Antoninus Pius was adopted by Hadrian as his successor when he was already fifty-one years old. His portraits thus represent him as a mature man in a sober but refined style that consciously echoes the imperial imagery adopted by Hadrian. At the beginning of his reign in A.D. 138, he had to impel a reluctant Senate to award Hadrian divine honors, and it is probably for this reason that he himself was given the title of Pius. Unlike his two immediate predecessors, Trajan and Hadrian, Antoninus did not embark on any major wars or travel widely through the Empire. Indeed, he was in effect the last emperor to spend most of his reign in the city of Rome itself. Regarded as a just and diligent administrator, Antoninus presided over the Empire at the height of its power—a time that the historian Edward Gibbon later famously referred to as the period when “the condition of the human race was most happy and most prosperous.”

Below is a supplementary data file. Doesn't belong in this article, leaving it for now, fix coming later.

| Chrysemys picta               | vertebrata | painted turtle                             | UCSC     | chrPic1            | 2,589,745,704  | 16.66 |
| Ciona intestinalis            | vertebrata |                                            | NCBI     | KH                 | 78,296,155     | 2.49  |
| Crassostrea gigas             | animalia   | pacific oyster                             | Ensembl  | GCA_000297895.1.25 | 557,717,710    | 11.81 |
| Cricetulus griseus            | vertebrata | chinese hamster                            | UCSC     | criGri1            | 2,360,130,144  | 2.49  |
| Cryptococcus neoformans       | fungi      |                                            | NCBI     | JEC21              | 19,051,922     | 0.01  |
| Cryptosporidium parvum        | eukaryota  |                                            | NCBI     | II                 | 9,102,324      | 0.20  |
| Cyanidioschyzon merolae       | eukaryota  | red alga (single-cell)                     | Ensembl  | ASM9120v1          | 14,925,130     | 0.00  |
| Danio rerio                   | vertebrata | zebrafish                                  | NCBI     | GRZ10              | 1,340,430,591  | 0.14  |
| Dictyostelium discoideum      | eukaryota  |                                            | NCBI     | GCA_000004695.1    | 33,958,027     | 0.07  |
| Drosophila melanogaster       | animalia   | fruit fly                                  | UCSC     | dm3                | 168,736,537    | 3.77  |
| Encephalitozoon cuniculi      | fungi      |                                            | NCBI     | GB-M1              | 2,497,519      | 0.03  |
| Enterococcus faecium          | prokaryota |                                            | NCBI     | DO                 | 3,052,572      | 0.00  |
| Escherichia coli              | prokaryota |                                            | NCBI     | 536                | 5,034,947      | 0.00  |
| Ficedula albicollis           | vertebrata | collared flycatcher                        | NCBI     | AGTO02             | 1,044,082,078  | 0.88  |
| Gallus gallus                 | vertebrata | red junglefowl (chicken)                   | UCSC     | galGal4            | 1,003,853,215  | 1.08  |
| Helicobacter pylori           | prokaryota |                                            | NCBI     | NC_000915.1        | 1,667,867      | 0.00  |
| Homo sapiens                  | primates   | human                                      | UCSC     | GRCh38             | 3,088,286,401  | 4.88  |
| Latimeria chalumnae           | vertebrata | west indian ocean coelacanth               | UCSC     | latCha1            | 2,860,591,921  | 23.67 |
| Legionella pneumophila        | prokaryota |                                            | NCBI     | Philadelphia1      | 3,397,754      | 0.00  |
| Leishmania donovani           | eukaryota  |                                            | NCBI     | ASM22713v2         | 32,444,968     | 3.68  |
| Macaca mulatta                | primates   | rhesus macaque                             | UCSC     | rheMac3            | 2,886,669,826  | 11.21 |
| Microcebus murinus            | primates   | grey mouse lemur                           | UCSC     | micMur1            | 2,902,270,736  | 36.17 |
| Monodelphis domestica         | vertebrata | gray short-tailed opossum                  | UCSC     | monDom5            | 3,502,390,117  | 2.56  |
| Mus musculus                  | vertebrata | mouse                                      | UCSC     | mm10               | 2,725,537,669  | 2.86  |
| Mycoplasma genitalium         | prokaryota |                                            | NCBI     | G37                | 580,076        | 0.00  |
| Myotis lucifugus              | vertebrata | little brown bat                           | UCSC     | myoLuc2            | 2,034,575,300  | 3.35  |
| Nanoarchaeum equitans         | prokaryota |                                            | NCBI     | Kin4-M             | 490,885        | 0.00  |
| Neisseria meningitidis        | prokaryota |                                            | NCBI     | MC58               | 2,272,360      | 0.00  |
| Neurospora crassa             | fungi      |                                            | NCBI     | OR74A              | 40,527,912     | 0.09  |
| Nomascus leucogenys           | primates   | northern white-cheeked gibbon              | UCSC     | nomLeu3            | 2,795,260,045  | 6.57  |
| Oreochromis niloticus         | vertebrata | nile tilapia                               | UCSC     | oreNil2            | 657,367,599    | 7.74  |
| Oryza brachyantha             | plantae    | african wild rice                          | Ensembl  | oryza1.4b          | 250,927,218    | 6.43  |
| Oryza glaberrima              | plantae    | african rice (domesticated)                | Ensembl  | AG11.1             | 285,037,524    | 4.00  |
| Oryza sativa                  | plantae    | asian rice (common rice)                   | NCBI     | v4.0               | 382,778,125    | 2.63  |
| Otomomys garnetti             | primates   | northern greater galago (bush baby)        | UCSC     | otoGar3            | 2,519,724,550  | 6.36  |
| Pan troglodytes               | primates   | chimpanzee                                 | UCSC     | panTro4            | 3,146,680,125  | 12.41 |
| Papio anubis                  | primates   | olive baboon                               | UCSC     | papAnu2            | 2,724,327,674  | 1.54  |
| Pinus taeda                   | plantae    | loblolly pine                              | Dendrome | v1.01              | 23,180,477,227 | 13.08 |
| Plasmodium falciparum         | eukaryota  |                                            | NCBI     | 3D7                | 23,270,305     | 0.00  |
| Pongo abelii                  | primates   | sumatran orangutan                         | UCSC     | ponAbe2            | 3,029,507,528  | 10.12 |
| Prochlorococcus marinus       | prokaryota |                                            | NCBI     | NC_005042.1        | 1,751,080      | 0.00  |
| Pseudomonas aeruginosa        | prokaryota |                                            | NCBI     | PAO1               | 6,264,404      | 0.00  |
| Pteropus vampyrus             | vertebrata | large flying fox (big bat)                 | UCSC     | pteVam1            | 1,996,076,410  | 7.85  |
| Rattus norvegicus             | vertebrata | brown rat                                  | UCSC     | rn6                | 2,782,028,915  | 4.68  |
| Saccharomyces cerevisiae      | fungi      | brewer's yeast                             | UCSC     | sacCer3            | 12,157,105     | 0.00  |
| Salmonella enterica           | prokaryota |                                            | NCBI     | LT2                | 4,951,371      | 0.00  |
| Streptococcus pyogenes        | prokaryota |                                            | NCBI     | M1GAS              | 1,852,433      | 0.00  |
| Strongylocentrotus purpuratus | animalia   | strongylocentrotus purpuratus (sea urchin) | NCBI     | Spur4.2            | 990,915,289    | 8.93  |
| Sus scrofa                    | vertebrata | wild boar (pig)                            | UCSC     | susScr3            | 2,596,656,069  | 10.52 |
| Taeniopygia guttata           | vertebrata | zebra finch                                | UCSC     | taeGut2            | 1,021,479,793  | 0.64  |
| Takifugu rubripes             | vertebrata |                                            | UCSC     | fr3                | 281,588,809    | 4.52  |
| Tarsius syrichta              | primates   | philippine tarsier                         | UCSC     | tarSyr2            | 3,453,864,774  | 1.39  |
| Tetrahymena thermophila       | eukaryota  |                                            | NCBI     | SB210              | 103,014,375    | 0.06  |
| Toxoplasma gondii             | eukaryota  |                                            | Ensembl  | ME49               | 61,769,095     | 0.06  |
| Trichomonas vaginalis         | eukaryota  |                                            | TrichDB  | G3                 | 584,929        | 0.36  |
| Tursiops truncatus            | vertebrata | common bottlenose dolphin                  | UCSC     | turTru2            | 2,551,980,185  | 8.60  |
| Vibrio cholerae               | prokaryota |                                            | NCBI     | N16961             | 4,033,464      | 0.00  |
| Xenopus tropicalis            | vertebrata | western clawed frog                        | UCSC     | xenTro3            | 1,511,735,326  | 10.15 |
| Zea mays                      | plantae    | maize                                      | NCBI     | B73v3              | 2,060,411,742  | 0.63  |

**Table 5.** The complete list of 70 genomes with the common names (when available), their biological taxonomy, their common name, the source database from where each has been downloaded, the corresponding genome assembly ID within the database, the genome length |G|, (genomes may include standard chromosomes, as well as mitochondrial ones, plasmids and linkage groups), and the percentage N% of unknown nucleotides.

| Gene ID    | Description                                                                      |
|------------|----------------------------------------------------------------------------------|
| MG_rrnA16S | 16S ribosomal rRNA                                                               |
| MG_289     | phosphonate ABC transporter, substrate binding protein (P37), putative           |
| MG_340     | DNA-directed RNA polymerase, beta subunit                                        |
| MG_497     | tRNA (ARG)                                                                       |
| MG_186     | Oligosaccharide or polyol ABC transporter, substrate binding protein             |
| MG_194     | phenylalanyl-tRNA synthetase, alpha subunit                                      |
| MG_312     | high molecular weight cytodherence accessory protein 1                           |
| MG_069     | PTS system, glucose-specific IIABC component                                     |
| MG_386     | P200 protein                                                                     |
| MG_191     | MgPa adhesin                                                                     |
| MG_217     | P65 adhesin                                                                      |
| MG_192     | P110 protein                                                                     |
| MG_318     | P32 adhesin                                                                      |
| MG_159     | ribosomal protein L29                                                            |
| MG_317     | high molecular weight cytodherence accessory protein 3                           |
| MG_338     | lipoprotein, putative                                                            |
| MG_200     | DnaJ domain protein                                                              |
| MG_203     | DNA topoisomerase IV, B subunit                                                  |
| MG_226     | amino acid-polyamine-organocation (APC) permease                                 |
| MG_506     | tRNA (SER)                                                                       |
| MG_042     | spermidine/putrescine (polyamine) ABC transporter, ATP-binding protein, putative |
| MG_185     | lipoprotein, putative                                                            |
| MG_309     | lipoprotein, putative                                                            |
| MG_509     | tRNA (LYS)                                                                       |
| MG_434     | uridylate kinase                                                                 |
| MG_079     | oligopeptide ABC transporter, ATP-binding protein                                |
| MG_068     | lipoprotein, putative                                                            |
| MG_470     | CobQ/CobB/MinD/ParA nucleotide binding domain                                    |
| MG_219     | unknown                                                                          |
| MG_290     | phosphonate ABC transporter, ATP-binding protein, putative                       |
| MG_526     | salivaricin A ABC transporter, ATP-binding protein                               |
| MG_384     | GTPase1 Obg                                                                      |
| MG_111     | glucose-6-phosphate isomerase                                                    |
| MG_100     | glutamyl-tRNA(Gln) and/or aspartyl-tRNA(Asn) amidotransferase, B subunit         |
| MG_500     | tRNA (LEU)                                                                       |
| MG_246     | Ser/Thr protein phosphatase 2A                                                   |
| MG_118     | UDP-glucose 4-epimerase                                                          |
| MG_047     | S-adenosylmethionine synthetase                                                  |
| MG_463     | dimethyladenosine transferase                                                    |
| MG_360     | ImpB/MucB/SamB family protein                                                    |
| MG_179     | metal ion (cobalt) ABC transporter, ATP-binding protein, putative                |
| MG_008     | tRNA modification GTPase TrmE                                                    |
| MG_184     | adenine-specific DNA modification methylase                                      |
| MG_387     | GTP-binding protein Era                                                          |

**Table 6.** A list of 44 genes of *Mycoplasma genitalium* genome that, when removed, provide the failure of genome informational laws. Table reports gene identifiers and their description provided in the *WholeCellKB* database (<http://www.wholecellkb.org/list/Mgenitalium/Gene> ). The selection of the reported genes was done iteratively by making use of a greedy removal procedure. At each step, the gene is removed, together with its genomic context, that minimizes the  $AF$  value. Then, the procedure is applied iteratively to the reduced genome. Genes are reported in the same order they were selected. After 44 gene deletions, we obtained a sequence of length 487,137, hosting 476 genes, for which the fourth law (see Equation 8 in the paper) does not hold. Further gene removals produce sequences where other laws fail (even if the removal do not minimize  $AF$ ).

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von Bothmer, Dietrich. 1978. Antichnoe iskusstvo iz muzeia Metropoliten, Soedinennye Shtaty Ameriki: Katalog vystavki. no. 97, Moscow: Sovetskii Khudozhnik.
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